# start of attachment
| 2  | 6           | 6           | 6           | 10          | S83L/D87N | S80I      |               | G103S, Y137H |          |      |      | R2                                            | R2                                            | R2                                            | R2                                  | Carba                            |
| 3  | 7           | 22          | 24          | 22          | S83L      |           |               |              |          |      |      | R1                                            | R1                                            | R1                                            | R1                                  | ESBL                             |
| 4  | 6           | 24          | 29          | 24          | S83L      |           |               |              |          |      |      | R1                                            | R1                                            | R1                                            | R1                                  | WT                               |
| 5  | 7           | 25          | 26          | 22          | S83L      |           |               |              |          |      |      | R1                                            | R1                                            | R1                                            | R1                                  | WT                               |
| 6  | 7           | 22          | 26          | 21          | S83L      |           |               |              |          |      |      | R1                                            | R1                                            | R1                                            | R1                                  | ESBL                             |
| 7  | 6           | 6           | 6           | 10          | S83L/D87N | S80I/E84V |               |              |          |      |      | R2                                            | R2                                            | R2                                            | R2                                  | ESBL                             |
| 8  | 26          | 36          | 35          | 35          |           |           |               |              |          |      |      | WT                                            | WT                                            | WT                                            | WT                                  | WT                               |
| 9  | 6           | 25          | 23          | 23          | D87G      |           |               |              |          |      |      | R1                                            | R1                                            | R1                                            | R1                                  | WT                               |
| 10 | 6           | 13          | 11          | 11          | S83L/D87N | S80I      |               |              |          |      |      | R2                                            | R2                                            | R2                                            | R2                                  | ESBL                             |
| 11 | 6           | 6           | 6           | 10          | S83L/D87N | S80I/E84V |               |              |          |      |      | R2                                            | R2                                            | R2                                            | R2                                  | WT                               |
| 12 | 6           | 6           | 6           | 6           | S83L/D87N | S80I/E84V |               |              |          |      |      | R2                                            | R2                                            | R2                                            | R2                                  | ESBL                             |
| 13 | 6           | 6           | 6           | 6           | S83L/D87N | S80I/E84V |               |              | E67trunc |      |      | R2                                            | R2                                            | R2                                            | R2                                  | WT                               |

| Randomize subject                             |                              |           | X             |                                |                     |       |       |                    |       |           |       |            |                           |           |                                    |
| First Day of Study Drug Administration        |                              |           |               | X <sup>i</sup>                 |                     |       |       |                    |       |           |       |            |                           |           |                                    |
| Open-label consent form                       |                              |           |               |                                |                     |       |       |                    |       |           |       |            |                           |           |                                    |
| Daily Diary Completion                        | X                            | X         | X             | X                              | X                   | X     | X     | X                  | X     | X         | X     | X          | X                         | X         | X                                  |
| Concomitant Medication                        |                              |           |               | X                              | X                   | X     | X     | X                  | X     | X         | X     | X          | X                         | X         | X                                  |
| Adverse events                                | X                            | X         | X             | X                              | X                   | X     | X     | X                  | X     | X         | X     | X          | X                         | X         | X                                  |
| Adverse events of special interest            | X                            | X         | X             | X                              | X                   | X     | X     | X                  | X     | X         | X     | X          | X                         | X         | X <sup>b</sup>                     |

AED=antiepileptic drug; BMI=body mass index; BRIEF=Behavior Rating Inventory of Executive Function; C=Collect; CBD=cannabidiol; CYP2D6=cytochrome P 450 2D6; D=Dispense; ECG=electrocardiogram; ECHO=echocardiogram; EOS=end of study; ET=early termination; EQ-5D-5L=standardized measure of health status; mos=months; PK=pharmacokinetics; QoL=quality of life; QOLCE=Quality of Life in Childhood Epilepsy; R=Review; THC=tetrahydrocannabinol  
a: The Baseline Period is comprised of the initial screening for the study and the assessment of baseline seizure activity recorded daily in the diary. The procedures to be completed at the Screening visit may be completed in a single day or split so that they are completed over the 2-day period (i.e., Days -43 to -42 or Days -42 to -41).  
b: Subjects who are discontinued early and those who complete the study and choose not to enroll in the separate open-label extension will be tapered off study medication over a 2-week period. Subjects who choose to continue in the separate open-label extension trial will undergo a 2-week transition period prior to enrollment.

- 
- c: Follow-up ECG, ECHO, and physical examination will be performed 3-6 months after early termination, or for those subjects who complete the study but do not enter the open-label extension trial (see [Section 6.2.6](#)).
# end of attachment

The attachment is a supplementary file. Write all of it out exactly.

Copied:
| 2  | 6           | 6           | 6           | 10          | S83L/D87N | S80I      |               | G103S, Y137H |          |      |      | R2                                            | R2                                            | R2                                            | R2                                  | Carba                            |
| 3  | 7           | 22          | 24          | 22          | S83L      |           |               |              |          |      |      | R1                                            | R1                                            | R1                                            | R1                                  | ESBL                             |
| 4  | 6           | 24          | 29          | 24          | S83L      |           |               |              |          |      |      | R1                                            | R1                                            | R1                                            | R1                                  | WT                               |
| 5  | 7           | 25          | 26          | 22          | S83L      |           |               |              |          |      |      | R1                                            | R1                                            | R1                                            | R1                                  | WT                               |
| 6  | 7           | 22          | 26          | 21          | S83L      |           |               |              |          |      |      | R1                                            | R1                                            | R1                                            | R1                                  | ESBL                             |
| 7  | 6           | 6           | 6           | 10          | S83L/D87N | S80I/E84V |               |              |          |      |      | R2                                            | R2                                            | R2                                            | R2                                  | ESBL                             |
| 8  | 26          | 36          | 35          | 35          |           |           |               |              |          |      |      | WT                                            | WT                                            | WT                                            | WT                                  | WT                               |
| 9  | 6           | 25          | 23          | 23          | D87G      |           |               |              |          |      |      | R1                                            | R1                                            | R1                                            | R1                                  | WT                               |
| 10 | 6           | 13          | 11          | 11          | S83L/D87N | S80I      |               |              |          |      |      | R2                                            | R2                                            | R2                                            | R2                                  | ESBL                             |
| 11 | 6           | 6           | 6           | 10          | S83L/D87N | S80I/E84V |               |              |          |      |      | R2                                            | R2                                            | R2                                            | R2                                  | WT                               |
| 12 | 6           | 6           | 6           | 6           | S83L/D87N | S80I/E84V |               |              |          |      |      | R2                                            | R2                                            | R2                                            | R2                                  | ESBL                             |
| 13 | 6           | 6           | 6           | 6           | S83L/D87N | S80I/E84V |               |              | E67trunc |      |      | R2                                            | R2                                            | R2                                            | R2                                  | WT                               |

| Randomize subject                             |                              |           | X             |                                |                     |       |       |                    |       |           |       |            |                           |           |                                    |
| First Day of Study Drug Administration        |                              |           |               | X <sup>i</sup>                 |                     |       |       |                    |       |           |       |            |                           |           |                                    |
| Open-label consent form                       |                              |           |               |                                |                     |       |       |                    |       |           |       |            |                           |           |                                    |
| Daily Diary Completion                        | X                            | X         | X             | X                              | X                   | X     | X     | X                  | X     | X         | X     | X          | X                         | X         | X                                  |
| Concomitant Medication                        |                              |           |               | X                              | X                   | X     | X     | X                  | X     | X         | X     | X          | X                         | X         | X                                  |
| Adverse events                                | X                            | X         | X             | X                              | X                   | X     | X     | X                  | X     | X         | X     | X          | X                         | X         | X                                  |
| Adverse events of special interest            | X                            | X         | X             | X                              | X                   | X     | X     | X                  | X     | X         | X     | X          | X                         | X         | X <sup>b</sup>                     |

AED=antiepileptic drug; BMI=body mass index; BRIEF=Behavior Rating Inventory of Executive Function; C=Collect; CBD=cannabidiol; CYP2D6=cytochrome P 450 2D6; D=Dispense; ECG=electrocardiogram; ECHO=echocardiogram; EOS=end of study; ET=early termination; EQ-5D-5L=standardized measure of health status; mos=months; PK=pharmacokinetics; QoL=quality of life; QOLCE=Quality of Life in Childhood Epilepsy; R=Review; THC=tetrahydrocannabinol  
a: The Baseline Period is comprised of the initial screening for the study and the assessment of baseline seizure activity recorded daily in the diary. The procedures to be completed at the Screening visit may be completed in a single day or split so that they are completed over the 2-day period (i.e., Days -43 to -42 or Days -42 to -41).  
b: Subjects who are discontinued early and those who complete the study and choose not to enroll in the separate open-label extension will be tapered off study medication over a 2-week period. Subjects who choose to continue in the separate open-label extension trial will undergo a 2-week transition period prior to enrollment.

- 
- c: Follow-up ECG, ECHO, and physical examination will be performed 3-6 months after early termination, or for those subjects who complete the study but do not enter the open-label extension trial (see [Section 6.2.6](#)).